In any case, I think that now more than ever we have to remember what we believe, what we often profess, but what we seldom have the opportunity to prove by our actions: Jesus Christ is the Lord of history (see Revelation 1, 4, 5, and 19). Of course that does not mean – as some simplistic “Christians” at times say – that pestilence is a punishment, that God sends plagues, that all we have to do is pray and everything will be all right, etc. Our Lord respects us too much to not let us co-pilot our own destiny. But it does mean that He is walking right alongside us and that there is never any reason to fear. St Paul says it far better than I could ever do it:
Can anything cut us off from the love of Christ -- can hardships or distress, or persecution, or lack of food and clothing, or threats or violence… No; we come through all these things triumphantly victorious, by the power of him who loved us. For I am certain of this: neither death nor life, nor angels, nor principalities, nothing already in existence and nothing still to come, nor any power, nor the heights nor the depths, nor any created thing whatever, will be able to come between us and the love of God, known to us in Christ Jesus our Lord. (Rm 8: 35, 37-39)
In fact, if we find ourselves full of trepidation for this – or any other – crisis, then we really need to think about where our faith and hope truly are. That is a wonderful way to finish off our Lent!
I have allowed myself to write on because I know many of you have more time to read these days. Before I close, I want to share my five “Panic Points” with you, in case they are any help for the rest of your quarantine. I call them “Panic Points” a bit tongue-in-cheek, not because I am panicking but because I am truly surrounded by people that are. It can be a bit overwhelming, and if that is not enough the fact that we are all “cooped up” can give the coup de grâce! So these are the ones that I find very helpful.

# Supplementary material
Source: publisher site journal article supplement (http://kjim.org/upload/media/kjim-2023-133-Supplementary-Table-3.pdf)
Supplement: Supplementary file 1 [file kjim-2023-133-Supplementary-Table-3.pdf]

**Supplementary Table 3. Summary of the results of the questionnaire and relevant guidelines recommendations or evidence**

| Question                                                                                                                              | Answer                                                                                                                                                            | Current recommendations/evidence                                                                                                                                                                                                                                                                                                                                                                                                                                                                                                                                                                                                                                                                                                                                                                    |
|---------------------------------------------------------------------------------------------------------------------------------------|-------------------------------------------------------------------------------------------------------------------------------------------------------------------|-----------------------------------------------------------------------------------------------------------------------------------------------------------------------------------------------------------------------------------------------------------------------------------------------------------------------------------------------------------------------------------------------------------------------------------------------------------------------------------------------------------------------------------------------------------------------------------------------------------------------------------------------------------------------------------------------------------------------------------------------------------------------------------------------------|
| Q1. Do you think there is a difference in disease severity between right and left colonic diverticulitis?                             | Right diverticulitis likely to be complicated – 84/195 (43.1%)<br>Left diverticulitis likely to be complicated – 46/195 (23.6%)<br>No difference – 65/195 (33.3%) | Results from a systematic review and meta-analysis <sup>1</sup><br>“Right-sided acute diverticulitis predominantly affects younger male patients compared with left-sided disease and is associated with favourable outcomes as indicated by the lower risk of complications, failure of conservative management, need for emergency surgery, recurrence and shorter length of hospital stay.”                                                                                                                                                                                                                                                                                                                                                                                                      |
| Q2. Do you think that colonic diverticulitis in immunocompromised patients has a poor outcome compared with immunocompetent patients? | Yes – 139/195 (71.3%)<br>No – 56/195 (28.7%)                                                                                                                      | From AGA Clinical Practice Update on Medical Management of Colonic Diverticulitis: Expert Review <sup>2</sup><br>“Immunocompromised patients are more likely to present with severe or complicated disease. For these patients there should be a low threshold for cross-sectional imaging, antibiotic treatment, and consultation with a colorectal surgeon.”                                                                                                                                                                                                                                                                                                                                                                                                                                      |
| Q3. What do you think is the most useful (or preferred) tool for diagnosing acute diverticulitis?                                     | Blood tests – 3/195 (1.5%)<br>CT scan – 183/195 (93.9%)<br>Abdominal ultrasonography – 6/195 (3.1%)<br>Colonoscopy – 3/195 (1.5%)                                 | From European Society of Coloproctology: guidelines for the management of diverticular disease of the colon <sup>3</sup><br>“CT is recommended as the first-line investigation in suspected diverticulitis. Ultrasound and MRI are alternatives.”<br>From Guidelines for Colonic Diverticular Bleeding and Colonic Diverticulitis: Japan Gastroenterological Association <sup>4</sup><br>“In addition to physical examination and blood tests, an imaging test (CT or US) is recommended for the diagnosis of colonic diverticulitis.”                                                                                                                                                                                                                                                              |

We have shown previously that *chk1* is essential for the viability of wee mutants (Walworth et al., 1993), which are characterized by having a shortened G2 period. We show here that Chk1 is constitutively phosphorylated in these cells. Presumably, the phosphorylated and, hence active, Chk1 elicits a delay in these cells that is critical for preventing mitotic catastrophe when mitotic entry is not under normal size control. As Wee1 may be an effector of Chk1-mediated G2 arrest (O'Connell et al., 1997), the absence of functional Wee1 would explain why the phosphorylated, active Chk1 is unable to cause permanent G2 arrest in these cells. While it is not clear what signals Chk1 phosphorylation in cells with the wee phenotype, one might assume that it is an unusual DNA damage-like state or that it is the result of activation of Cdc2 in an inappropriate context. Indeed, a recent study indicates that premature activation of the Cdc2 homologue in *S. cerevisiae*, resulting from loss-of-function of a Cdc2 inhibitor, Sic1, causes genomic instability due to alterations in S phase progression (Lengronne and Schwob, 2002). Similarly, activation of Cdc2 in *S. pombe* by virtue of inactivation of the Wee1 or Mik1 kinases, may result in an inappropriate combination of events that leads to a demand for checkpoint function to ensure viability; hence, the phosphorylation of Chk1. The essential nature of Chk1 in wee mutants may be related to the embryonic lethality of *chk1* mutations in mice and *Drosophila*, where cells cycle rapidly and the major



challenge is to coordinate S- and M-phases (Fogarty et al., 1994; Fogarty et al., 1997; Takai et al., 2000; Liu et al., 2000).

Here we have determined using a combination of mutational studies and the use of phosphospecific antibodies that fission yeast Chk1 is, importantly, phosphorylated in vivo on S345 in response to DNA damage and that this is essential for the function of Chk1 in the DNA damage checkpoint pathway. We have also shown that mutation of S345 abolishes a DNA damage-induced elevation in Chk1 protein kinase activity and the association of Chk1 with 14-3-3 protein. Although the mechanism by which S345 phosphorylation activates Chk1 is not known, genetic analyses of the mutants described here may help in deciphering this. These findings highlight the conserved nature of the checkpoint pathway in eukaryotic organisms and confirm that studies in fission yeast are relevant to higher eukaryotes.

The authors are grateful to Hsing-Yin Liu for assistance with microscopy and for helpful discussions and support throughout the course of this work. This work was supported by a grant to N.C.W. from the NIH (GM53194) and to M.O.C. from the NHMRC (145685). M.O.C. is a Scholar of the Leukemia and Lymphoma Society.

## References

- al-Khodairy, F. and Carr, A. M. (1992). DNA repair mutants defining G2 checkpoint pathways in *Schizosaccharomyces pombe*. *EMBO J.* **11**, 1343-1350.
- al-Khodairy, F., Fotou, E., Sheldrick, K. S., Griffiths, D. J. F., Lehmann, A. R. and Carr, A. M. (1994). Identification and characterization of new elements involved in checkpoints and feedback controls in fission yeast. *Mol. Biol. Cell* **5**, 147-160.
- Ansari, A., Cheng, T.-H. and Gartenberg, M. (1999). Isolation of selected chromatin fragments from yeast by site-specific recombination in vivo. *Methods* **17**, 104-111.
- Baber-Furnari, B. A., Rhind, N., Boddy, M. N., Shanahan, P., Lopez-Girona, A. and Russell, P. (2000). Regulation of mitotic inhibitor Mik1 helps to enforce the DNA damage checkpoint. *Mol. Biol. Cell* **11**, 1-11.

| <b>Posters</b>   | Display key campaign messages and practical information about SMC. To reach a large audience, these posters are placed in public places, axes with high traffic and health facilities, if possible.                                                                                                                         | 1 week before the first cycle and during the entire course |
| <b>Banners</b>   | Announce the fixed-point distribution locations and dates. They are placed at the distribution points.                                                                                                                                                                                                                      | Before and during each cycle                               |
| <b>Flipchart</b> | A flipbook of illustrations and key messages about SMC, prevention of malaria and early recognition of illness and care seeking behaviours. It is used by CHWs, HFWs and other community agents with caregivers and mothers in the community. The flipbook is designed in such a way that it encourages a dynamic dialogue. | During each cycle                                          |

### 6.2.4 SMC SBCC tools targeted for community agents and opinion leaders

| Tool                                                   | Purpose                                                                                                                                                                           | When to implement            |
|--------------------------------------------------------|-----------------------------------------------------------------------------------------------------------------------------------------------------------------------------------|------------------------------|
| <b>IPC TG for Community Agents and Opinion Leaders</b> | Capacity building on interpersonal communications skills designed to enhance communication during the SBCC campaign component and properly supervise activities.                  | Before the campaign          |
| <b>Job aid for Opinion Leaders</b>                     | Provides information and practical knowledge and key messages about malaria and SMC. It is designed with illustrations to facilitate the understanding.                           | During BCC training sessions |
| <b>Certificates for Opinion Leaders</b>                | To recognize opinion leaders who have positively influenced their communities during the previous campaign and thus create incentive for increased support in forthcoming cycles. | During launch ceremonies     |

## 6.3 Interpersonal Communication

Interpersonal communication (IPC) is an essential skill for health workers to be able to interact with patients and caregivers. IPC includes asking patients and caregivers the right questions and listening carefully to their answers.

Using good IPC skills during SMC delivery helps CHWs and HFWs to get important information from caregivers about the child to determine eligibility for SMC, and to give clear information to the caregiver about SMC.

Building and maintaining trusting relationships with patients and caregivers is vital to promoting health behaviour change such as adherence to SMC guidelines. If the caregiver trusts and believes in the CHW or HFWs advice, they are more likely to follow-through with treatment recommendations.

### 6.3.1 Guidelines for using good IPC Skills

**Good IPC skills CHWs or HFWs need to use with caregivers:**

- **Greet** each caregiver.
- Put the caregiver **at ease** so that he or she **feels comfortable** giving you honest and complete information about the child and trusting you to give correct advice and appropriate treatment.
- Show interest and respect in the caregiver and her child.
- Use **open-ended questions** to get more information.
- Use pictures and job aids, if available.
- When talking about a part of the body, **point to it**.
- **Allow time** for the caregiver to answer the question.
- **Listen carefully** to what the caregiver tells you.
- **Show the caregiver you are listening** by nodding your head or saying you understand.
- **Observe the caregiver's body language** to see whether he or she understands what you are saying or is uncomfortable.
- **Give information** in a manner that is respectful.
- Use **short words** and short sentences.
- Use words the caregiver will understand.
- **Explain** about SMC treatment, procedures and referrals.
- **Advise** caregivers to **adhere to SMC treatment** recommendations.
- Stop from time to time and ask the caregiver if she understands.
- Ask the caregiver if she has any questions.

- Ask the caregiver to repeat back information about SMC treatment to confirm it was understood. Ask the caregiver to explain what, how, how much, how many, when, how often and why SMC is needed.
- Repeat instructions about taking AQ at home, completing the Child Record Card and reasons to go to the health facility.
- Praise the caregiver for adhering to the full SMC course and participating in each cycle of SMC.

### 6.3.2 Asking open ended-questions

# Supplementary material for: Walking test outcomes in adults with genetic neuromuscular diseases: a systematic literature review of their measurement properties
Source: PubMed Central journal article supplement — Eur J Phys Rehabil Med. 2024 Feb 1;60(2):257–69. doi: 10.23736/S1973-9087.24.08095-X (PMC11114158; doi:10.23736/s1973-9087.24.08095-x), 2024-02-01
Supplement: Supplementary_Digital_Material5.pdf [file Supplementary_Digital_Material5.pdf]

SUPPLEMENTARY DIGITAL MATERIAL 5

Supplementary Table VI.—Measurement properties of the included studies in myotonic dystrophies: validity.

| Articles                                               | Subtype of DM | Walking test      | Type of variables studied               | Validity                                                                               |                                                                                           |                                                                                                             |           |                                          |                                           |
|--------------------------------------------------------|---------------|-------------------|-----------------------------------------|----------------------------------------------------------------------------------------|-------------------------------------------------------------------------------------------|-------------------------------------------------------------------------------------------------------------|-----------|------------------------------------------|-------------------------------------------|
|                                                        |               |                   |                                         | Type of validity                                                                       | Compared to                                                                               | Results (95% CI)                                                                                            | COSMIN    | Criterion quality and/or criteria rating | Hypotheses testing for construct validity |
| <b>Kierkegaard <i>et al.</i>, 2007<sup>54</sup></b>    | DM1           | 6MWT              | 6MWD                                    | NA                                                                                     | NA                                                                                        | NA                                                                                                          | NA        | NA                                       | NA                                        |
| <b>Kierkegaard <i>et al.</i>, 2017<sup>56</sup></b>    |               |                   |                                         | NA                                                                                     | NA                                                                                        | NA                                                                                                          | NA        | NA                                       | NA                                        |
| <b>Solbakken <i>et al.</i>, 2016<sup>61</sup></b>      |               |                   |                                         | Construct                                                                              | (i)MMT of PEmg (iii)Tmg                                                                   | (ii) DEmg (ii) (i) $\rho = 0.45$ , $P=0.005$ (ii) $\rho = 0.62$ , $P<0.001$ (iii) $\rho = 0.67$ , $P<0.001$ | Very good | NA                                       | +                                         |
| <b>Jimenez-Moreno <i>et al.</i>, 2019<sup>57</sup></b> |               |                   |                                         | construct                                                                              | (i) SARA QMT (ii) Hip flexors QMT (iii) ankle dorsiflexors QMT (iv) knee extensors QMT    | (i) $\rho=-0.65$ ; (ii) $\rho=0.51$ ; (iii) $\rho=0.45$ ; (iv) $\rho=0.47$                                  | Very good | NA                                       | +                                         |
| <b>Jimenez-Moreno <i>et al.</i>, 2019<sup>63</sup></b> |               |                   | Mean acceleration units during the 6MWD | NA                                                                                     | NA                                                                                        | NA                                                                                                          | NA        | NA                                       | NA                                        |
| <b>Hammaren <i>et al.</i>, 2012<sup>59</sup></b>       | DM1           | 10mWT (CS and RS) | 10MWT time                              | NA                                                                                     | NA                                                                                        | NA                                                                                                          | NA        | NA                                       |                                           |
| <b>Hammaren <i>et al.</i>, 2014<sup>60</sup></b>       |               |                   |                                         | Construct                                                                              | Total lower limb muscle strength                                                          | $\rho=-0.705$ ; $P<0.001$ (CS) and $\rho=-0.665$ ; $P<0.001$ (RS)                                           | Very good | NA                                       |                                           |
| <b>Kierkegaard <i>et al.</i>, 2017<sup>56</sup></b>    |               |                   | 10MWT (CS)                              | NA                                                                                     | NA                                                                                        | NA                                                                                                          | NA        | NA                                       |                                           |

ONE: Make a realistic schedule and stick to it. Get up at a set time, get dressed, and have a “to do” list that you actually do. For us Christians, there should be some prayer on that schedule.
TWO: Restrict news and social media. One bishop here in Mexico suggested to his flock that they only read the news three times a day, and that they try to read informed sources, and not just opinions. I have to tell you, personally this “panic point” is a great help for me!
THREE: If you are not in a high-risk group, get out and do some physical exercise every day. As long as you respect “social distancing,” many experts recommend this. Even the UK government, which is reacting to this situation in an extremely cautious way, recommends doing this!
FOUR: Do something new. Nothing big, I guess, but something that occupies your gray cells. Personally I am starting a new project to secure a minimum wage for priests well below the poverty line. Although we can’t do everything from the home office, it’s a great place for brainstorming and project building!
FIVE (also a very important one for me!): Talk less, and don’t opine (or pontificate!) about the coronavirus. The reasons are many and obvious. Try it, you’ll be amazed at how helpful it is.
Well, dear friends, I have to finish here. I have rambled! But it is rambling to fill your quarantine… Know that I am praying for you: obviously for your physical safety, but much more for your spiritual well-being. Will you do the same for me, and for so many brothers and sisters of ours who have it worse than we do? Thank you.
Wishing you God’s peace and Easter joy,
P.S. Sister Rosemary Sibanda wrote to me today from another diocese in Zambia where the School of the Faith is active. She asks for prayers for one of our students, Mrs. Muuka, who died today. Because of the health crisis she will be buried without the presence of family and friends. Pray for her!